Embryonic origins of cardiovascular health in late.. (EMBRYOandLATERHEALTH)
Embryonic origins of cardiovascular health in later life: disentangling early causal pathways in a lifecourse perspective
Start date: Sep 1, 2015,
End date: Aug 31, 2020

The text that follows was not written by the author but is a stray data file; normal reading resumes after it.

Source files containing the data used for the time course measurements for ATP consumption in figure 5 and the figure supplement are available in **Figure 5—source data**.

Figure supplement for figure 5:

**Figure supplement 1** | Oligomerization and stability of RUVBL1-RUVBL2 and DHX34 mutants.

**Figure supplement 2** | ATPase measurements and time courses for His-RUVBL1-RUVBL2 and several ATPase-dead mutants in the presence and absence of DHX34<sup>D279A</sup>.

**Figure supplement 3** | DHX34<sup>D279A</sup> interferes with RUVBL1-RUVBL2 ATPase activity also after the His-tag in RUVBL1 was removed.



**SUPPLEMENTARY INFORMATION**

Children born preterm or with a small size at birth have increased risks of cardiovascular disease and type 2 diabetes in adulthood. These intriguing associations strongly suggest that common diseases have at least part of their origins in early fetal life. From both an etiological and preventive perspective, it is important to disentangle the early fetal critical periods and causal pathways. An accumulating body of evidence suggests that early pregnancy, or even the preconception period, may influence the risk of cardiovascular and metabolic disease throughout the lifecourse. The main hypothesis for this project is that adverse exposures before or very early in pregnancy induce embryonic and placental developmental adaptations, which permanently affect cardiovascular and metabolic development and predispose individuals to both adverse outcomes at birth and cardiovascular and metabolic dysfunction and diseases in later life. I will use an integrated epidemiological, molecular and clinical full lifecourse approach from preconception to adulthood embedded in three population-based cohort studies. Innovative element are: 1) focus on developmental adaptations during the embryonic phase and early placentation assessed by advanced imaging studies at 6, 8, 10 and 12 weeks of gestation; (2) detailed cardiovascular and metabolic studies in infancy and late childhood, including 3T MRI of the heart, aorta, liver and abdomen, metabolomics analyses; and (3) genome-wide DNA-methylation studies to identify specific DNA-methylation changes related to preconception or early pregnancy exposures, which persist in late childhood and adulthood and are associated with cardiovascular and metabolic outcomes in later life. With these approaches, this project will provide unique and important new perspectives into the earliest origins of cardiovascular disease and type 2 diabetes and will ultimately contribute to development of preventive strategies focused on future parents and children.
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